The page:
Hobby pioneer Paul “Paul B” Baldassano has some strong opinions on what types of foods are best for fish, formed over his many decades of involvement in the marine aquarium hobby. Somewhere near the top of his list is fish (or krill) oil.
From Chapter 3: Keeping Fish Healthy
Oil, in my opinion, is one of the most important things you can feed to fish. No, not Oil of Olay or olive oil, but fish or krill oil. I take it myself every day, but not too much, as I don’t want to resemble my old flounder-faced girlfriend.
In the sea, fish get a large percentage of their diet from pure fish oil. How do I know? Glad you asked. I have been scuba diving since 1970, when I did my first dive on the Great Barrier Reef in Australia. I was on R&R from Vietnam, and I met a girl there who took me to this restaurant where they give you all the dive equipment and throw you in the water. All you had to do was give them any extra fish you speared.
I caught an anemic-looking lobster, and she had a belt full of fish. When we surfaced and started back to shore, I heard machine gun rounds. I knew that sound because a couple days before, I was in a war. I said (not very calmly, I am sure), “What the hell is that?” She replied, “Don’t worry, they are shooting the sharks.” Apparently, sometimes a large shark gets tangled up in this net they have around the harbor, and they shoot it. I understand that there are holes in that net large enough to allow a tractor trailer to “swim” through, and the girl I was swimming with had a belt full of bleeding fish. To this day, that was the fastest I have ever swum.
Anyway, since then I have been diving all over the place and have spent about 200 hours under water. If you’ve done any real diving—the kind where you lie on the bottom by yourself until you run out of air or realize you forgot to remove your cell phone from your Speedo—you may have noticed schools of tiny fish fry, mostly near the substrate. Well, fish fry are like fast-food restaurants for most of the fish on a reef and form a large part of their daily diet. If you watch fish long enough, you will see them dip down often for a snack of fresh fish fry.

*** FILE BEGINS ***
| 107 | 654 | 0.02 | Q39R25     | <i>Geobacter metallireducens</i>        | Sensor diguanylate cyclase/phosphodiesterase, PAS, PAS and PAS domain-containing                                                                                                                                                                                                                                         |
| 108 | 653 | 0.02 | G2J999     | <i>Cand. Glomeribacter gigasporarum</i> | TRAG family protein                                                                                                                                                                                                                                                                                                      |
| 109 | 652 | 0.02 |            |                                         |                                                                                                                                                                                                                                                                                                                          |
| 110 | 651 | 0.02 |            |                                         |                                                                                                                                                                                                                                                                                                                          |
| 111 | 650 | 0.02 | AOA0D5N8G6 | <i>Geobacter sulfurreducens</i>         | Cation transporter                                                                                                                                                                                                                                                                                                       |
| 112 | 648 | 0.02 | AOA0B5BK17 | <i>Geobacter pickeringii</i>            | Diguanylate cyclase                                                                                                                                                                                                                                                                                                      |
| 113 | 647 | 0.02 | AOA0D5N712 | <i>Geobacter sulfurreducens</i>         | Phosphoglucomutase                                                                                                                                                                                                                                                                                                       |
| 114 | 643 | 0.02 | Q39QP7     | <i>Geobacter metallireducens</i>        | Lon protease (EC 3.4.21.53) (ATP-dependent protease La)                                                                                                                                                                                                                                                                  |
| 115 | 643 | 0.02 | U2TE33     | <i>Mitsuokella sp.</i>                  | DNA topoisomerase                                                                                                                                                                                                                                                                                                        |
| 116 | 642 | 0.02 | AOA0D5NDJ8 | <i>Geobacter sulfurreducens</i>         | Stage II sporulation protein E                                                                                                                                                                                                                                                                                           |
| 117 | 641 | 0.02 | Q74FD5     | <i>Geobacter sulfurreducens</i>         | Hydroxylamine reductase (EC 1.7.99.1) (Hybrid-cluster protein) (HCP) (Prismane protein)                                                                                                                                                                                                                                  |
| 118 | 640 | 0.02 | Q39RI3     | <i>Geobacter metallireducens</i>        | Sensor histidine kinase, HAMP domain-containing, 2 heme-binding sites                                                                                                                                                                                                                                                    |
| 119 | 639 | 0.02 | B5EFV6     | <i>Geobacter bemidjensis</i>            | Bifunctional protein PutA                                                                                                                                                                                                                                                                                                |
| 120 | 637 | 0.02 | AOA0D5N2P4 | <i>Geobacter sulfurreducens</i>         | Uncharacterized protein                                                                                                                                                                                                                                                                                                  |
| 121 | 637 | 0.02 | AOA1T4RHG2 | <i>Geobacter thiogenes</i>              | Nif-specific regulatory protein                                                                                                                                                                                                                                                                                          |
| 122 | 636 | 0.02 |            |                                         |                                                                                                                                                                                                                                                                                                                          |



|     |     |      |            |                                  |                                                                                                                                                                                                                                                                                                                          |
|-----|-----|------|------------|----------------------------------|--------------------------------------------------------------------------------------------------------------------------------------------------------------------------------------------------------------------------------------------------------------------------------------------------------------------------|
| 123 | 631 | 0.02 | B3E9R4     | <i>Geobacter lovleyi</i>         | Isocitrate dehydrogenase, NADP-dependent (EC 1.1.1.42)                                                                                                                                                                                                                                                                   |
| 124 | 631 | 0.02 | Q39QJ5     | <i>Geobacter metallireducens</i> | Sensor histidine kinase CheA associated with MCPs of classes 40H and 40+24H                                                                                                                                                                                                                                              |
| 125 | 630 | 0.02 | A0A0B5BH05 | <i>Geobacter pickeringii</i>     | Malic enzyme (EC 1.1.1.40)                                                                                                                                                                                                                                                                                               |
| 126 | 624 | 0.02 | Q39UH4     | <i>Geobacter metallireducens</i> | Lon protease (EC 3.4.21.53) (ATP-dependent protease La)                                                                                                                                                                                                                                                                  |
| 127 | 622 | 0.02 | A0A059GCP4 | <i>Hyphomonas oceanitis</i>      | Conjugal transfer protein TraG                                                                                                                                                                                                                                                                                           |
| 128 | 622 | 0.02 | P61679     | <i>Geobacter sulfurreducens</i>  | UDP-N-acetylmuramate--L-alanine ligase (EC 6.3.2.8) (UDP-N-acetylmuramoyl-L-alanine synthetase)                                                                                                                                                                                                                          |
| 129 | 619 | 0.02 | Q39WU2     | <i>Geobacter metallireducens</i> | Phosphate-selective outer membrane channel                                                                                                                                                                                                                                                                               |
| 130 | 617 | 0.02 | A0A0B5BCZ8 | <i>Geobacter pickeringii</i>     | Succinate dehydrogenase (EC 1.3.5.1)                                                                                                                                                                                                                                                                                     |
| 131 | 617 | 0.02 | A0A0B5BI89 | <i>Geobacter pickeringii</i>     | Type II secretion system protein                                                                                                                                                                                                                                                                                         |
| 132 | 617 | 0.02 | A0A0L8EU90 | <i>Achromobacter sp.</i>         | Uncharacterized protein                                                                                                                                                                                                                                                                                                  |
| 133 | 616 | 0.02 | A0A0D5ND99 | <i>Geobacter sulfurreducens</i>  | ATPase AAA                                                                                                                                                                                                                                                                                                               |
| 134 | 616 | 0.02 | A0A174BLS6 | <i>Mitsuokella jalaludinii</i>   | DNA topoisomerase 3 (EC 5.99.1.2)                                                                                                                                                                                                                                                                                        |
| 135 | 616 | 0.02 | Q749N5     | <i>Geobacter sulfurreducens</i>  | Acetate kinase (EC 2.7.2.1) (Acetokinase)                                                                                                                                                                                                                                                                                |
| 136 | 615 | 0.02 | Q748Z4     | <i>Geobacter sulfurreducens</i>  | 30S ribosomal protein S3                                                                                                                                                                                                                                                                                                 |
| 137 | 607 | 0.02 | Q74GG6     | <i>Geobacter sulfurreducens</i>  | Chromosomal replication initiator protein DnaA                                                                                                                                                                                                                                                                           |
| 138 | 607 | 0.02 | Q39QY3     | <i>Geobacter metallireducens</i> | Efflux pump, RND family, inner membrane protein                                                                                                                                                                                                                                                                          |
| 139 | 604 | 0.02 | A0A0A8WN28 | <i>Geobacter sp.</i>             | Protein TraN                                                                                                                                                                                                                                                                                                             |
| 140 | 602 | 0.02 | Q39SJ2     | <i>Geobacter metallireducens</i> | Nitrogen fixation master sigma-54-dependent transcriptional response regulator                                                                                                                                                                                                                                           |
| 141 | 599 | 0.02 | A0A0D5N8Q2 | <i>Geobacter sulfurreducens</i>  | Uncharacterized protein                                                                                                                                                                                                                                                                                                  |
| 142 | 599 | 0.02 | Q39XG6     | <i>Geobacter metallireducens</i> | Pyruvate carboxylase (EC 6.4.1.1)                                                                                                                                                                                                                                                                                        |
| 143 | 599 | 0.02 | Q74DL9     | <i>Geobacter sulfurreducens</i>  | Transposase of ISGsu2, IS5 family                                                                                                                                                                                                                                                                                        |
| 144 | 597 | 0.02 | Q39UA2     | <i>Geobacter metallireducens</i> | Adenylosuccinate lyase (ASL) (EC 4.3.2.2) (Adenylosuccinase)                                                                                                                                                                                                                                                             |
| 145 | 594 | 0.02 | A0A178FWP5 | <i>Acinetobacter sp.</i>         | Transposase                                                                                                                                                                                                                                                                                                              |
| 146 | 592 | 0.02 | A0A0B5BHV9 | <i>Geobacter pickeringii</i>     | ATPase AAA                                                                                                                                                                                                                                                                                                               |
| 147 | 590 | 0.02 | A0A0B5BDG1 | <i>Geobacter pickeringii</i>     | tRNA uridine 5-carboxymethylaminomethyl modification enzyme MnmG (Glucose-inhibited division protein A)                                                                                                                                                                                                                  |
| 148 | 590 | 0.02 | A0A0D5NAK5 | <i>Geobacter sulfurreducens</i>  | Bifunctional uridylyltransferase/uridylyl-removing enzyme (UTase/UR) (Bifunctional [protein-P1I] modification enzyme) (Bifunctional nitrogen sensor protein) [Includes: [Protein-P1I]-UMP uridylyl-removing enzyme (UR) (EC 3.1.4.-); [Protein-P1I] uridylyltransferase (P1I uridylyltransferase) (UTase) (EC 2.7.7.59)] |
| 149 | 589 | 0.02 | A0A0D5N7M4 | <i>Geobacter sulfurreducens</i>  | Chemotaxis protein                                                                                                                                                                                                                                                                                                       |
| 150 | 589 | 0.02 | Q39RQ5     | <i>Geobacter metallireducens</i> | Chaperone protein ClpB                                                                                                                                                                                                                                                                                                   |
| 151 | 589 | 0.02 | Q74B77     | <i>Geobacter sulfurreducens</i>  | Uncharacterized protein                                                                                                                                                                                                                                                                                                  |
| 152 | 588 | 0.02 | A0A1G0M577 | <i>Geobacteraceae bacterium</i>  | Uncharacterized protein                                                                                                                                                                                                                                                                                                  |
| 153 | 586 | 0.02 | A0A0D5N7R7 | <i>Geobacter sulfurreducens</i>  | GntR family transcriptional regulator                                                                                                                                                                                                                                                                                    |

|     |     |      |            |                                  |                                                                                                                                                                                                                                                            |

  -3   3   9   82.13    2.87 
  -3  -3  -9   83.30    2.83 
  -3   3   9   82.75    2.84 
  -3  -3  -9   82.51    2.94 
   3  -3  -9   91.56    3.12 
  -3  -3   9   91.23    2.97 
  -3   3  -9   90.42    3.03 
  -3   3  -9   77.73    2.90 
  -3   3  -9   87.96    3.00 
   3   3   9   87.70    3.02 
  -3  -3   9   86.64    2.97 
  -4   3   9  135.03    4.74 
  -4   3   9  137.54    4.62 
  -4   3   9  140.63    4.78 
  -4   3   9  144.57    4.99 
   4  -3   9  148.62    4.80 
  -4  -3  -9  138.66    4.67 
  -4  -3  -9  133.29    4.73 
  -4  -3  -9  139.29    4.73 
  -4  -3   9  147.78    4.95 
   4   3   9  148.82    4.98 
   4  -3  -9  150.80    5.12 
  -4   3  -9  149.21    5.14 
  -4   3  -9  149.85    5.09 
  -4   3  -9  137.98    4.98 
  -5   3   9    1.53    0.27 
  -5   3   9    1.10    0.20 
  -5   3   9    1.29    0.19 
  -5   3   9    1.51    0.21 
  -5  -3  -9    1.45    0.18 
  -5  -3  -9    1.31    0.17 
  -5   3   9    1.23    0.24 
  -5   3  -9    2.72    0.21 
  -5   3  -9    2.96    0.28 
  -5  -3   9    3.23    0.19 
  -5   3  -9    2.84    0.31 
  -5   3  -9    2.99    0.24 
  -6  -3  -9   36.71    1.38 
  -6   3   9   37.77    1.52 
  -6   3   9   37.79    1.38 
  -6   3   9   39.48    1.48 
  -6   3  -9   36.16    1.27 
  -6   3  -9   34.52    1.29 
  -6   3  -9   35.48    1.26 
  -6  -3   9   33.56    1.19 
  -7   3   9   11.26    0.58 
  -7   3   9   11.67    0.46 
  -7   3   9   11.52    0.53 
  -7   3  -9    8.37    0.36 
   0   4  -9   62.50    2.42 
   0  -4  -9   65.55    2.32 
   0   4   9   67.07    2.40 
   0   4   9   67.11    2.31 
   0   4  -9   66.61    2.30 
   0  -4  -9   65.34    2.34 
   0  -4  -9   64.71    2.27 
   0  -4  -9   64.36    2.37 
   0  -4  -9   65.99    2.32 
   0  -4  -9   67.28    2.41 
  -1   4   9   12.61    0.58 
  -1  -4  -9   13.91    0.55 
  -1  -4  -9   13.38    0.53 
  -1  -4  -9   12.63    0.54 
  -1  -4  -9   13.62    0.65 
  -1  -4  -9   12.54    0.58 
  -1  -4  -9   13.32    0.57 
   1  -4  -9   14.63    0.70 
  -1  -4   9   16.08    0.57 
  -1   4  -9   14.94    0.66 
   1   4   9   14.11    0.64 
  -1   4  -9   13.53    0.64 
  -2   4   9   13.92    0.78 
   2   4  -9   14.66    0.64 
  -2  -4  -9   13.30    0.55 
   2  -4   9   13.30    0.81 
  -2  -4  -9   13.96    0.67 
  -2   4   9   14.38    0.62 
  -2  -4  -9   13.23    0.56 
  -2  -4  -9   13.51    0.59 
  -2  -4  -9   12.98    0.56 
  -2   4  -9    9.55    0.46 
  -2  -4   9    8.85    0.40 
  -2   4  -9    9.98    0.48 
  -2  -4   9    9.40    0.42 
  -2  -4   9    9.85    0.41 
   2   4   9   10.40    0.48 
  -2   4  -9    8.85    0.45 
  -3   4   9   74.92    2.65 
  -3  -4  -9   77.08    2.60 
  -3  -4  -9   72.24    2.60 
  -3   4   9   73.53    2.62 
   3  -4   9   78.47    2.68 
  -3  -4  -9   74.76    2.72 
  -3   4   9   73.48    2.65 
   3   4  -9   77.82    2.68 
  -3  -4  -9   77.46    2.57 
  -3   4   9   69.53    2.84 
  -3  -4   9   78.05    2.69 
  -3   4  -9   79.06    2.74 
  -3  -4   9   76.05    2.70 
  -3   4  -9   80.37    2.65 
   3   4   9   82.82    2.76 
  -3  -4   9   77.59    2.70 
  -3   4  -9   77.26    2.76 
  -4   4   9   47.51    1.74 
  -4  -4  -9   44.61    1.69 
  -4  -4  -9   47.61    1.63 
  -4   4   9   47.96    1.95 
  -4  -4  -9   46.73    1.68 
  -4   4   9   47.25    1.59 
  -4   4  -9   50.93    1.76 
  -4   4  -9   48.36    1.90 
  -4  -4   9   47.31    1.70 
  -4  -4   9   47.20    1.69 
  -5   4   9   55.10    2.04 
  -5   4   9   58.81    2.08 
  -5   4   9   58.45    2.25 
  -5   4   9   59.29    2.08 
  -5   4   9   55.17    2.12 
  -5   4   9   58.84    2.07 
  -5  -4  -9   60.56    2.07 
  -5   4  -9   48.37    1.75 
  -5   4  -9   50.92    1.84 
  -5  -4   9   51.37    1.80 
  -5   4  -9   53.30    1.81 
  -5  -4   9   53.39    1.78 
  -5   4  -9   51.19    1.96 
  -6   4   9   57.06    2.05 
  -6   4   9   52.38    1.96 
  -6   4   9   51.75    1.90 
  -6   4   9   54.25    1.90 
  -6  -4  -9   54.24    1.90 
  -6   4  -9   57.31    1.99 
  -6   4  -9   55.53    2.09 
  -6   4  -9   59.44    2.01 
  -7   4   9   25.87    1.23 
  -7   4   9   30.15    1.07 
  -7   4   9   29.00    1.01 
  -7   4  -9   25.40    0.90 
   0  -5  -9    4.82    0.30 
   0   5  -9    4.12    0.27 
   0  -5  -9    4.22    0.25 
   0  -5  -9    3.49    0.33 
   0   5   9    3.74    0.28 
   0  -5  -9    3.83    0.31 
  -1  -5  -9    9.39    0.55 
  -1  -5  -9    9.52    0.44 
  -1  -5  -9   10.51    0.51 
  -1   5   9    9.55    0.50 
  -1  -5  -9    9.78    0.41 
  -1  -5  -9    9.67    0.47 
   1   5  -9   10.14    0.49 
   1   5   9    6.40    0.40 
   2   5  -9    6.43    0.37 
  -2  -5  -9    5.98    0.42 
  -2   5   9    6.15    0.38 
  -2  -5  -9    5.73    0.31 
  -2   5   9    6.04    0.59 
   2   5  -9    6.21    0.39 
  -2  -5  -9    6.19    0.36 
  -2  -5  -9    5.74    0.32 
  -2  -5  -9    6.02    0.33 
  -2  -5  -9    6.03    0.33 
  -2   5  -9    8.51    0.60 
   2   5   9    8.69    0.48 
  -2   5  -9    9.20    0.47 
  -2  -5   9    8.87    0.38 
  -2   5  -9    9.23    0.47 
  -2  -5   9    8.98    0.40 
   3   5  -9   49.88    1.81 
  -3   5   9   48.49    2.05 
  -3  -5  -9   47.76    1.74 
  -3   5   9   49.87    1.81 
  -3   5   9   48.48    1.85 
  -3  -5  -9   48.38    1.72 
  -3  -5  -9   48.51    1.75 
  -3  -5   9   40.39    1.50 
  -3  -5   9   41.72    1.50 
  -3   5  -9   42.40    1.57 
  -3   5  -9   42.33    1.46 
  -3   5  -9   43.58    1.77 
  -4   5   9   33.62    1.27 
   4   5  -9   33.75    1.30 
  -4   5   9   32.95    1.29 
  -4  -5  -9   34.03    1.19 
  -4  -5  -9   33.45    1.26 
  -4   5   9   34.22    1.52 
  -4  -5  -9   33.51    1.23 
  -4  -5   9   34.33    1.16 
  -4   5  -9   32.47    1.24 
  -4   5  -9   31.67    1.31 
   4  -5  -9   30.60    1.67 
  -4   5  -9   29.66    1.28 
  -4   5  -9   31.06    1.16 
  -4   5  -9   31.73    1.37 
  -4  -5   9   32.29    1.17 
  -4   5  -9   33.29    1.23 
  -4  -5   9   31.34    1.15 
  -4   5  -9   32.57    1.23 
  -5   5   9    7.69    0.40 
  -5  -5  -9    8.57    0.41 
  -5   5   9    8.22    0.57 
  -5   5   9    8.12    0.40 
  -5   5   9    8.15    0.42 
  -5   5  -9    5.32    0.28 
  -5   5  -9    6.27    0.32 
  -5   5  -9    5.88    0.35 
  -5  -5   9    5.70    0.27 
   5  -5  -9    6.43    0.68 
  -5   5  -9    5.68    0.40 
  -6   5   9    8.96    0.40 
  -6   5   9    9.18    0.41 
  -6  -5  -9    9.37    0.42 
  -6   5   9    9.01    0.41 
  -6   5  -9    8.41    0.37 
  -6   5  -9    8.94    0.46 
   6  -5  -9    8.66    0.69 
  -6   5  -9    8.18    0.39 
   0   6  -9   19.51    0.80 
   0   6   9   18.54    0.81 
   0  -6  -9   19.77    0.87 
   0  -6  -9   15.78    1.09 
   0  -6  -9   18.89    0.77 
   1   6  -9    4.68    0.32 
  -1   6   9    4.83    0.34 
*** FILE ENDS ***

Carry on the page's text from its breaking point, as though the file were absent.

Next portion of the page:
All fish have a liver. That liver serves a couple of functions besides cleaning the blood. It also helps with buoyancy, but only slightly in most fish. In sharks, the liver provides all of the buoyancy. Without the oil in their liver, sharks would swim about as well as Paris Hilton’s dog or a cinder block. In fact, the liver is mostly oil and can be 15% of the fish’s weight—almost 20% in sharks.
So think about this: When a fish eats another whole fish, it’s getting almost 15% of its diet as pure fish oil. If a shark eats a 100-pound grouper, it’s getting about 12 pounds of oil. That’s a lot of oil!
Check out the ingredients on a package of dry food and see if there is any oil. Oil doesn’t dry very well, and boy does it stink! So my theory is that fish require a large portion of their diet as oil. It makes sense to me and to the fish.
Also consider that in pregnant fish, the eggs can be almost a third of the weight of the fish, and those eggs are mostly oil. It is a huge burden on a fish to produce those eggs, and many of the correct extra calories are needed to do so. Just imagine how much a woman would have to eat in order to have a 50-pound baby every month!
So where can we get this oil? The best place is in whole fish, but whole tiny fish are not available live or frozen, and I don’t know why. (Tip to fish food manufacturers: Sell tiny frozen fish fry for food!) Fish and krill oil is also sold in capsules, and if I plan to feed my fish flakes or pellets, I always put a drop of fish oil on it first. Pellets soak up oil very well. However, don’t put oil of any kind on wet foods, such as frozen food, as it will just wash off as soon as the food hits the water.